In 1886, Tampa was a city in transition. A small outpost on the west coast of Florida, Tampa was a community of less than 800 residents in 1880. The arrival of Henry Plant’s South Florida Railway and the establishment of the cigar industry transformed Tampa into an ethnically diverse urban center in the New South. By 1900, over 5,000 people called Tampa home.
In 1886, the same year Ybor City was founded, the Statue of Liberty was dedicated in New York Harbor. These two events are more closely linked than might appear at first glance. Between 1880 and 1890, 5.2 million immigrants entered the U.S., seeking the freedom and opportunity that the Lady in the Harbor offered. Some of these early immigrants were destined for Ybor City, and over the decades between the neighborhood's founding and 1921 (when the great tide of immigration finally began to ebb), many more came to live and work in the town that Vicente Martinez Ybor–himself an immigrant–built. This is their story, and it is up to them to say How We Got Here.
Google “Cuesta Rey,” and you get 58 pages of websites in many languages–mostly cigar stores that sell the brand. Sometimes they are listed as “Cuban Cigars” and sometimes listed under “Pre-Embargo Cigars.” The cigars are made in the República Dominicana by Arturo Fuente and distributed by the J.C. Newman Company. The Cuesta Rey cigar survived global tastes and global politics. The cigar’s original home, the Cuesta Rey Cigar Factory, did not. One of the largest and most successful cigar companies of the Cigar City Boom, Cuesta y Rey Co. employed 500 workers in its West Tampa factory beginning in 1896.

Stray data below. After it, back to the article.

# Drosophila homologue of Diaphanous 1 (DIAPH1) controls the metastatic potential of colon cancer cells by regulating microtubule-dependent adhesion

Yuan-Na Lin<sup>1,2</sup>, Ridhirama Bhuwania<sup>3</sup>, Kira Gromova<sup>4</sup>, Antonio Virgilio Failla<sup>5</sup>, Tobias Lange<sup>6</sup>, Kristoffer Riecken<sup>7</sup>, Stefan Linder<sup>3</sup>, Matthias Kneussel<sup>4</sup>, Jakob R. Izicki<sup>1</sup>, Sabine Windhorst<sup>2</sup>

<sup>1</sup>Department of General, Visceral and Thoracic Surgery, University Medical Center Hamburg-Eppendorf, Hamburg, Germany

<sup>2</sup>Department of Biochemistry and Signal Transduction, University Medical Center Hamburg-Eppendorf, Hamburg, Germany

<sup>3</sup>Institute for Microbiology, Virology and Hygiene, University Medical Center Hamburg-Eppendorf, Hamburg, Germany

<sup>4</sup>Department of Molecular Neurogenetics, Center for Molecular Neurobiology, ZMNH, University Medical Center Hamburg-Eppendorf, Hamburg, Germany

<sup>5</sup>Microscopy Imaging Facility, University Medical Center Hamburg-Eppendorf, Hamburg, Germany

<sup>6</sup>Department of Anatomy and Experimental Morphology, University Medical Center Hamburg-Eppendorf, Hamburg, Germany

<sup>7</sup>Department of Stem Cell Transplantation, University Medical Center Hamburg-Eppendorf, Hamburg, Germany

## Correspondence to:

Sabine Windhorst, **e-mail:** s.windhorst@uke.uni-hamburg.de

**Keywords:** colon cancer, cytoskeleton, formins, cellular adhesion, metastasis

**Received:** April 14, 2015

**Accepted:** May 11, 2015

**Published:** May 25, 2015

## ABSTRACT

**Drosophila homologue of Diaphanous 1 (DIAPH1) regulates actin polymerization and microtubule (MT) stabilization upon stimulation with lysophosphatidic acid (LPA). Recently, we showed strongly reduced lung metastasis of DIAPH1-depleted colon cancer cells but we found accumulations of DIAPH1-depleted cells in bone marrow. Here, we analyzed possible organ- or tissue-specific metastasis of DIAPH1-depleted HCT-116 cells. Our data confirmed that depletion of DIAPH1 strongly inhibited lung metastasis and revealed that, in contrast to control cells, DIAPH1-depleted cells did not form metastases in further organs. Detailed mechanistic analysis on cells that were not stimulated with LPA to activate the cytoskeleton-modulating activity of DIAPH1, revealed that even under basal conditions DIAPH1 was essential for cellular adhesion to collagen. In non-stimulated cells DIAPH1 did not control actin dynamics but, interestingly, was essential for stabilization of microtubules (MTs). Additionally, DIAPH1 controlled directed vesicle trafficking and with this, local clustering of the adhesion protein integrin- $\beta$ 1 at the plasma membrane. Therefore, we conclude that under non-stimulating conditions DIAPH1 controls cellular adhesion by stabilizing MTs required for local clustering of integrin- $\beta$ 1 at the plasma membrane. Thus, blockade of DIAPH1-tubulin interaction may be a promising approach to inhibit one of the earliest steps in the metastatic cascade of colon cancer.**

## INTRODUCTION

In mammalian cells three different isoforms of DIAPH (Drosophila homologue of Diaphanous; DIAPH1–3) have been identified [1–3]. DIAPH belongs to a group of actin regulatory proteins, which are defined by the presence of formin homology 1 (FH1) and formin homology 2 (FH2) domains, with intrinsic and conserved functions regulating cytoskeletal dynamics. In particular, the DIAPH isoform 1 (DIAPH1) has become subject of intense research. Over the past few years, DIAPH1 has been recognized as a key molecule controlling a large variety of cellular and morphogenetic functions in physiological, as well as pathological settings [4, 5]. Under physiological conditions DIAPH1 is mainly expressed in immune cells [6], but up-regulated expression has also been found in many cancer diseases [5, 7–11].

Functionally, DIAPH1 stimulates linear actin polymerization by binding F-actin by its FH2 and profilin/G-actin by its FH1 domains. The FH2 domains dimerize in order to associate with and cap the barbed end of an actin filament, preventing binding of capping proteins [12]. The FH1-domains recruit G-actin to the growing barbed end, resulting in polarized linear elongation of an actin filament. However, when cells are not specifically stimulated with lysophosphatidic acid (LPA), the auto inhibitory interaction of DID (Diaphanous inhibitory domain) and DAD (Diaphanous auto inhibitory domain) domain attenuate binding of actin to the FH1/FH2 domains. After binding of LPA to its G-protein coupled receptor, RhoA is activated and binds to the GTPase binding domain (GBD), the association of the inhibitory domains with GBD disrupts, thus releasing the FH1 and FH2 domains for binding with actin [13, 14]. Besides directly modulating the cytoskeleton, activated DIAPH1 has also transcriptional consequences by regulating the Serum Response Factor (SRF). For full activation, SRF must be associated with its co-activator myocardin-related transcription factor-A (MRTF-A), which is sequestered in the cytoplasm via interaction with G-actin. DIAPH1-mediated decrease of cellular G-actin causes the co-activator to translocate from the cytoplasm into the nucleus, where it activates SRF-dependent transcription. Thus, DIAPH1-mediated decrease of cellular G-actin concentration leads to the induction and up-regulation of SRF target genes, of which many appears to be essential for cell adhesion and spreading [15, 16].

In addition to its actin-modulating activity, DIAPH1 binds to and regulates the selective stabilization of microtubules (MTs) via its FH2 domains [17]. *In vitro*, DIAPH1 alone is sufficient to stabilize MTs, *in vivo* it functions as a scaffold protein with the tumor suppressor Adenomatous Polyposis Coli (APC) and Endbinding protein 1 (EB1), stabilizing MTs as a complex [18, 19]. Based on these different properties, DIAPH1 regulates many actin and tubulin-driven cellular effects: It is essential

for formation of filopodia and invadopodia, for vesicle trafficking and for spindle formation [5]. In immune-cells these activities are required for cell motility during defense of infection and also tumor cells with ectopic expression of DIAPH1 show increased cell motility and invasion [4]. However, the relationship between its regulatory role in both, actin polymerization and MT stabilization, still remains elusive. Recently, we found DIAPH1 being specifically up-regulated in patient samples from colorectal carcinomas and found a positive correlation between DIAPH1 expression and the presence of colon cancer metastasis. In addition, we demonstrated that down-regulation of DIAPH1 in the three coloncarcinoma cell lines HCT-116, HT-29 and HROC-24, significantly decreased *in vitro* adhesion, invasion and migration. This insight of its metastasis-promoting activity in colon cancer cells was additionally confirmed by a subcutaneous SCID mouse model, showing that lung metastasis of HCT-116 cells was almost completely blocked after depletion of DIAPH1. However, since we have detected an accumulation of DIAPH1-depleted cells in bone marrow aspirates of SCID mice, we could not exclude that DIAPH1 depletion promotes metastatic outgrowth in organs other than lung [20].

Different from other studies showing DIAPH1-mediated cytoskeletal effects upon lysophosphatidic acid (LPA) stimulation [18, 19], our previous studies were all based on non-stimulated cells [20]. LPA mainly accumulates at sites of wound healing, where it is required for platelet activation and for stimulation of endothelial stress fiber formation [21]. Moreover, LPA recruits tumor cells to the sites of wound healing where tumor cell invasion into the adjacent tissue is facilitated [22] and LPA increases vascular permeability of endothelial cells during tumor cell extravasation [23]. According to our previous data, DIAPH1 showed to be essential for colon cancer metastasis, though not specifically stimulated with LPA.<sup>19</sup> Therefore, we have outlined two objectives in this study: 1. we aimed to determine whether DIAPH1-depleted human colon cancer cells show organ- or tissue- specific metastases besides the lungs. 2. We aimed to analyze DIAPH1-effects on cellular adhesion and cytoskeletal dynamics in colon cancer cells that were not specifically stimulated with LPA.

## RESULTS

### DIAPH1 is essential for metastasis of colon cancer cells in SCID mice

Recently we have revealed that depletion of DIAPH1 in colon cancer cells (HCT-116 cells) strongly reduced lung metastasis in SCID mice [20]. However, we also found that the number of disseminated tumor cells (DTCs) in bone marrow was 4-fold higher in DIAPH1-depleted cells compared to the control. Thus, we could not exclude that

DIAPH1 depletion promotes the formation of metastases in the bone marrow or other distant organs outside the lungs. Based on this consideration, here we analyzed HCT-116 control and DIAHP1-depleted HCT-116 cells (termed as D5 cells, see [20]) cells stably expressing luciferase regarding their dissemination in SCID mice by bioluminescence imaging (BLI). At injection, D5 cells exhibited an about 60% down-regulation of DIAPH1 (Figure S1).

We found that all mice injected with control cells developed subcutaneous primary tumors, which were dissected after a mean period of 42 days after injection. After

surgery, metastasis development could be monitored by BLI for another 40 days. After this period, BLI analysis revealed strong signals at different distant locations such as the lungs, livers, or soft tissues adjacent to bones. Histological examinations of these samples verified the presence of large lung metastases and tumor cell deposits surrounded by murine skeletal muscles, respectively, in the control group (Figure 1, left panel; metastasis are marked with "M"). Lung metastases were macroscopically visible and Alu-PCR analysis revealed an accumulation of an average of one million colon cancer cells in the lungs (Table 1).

It was 1957, and I was excited about the crab enchilada dinner my parents and I were invited to at Nena and Ulysses Henriquez’s home. My brother had recently married their granddaughter, Yolanda, and our two families often gathered for big dinners. I always had fun at their house; the food was plentiful and delicious!
Dominos, the game, not the pizza franchise, has been a part of Tampa’s Latin culture for as long as anyone can remember. Although it appears to have been invented by the Chinese, with the oldest known domino sets dating as far back as 1120 A.D., it has become a tradition in our Hispanic culture. There are many versions of the game played throughout the United States and the rest of the world, but in Ybor City and West Tampa, playing dominos is as much a part of our heritage as cigars, café con leche y pan con mantequilla (Cuban coffee with milk and buttered Cuban bread).
Sunday, May 7, 2006, Tampa's legendary cigar industry fell silent for just a moment as a sign of respect for the death of one of its last chinchaleros (tobacco stand owner)–Vincent Ruilova, age 92. He was better known as Majomia, a Spanish nickname his friends gave him, meaning impatient or restless, describing him perfectly.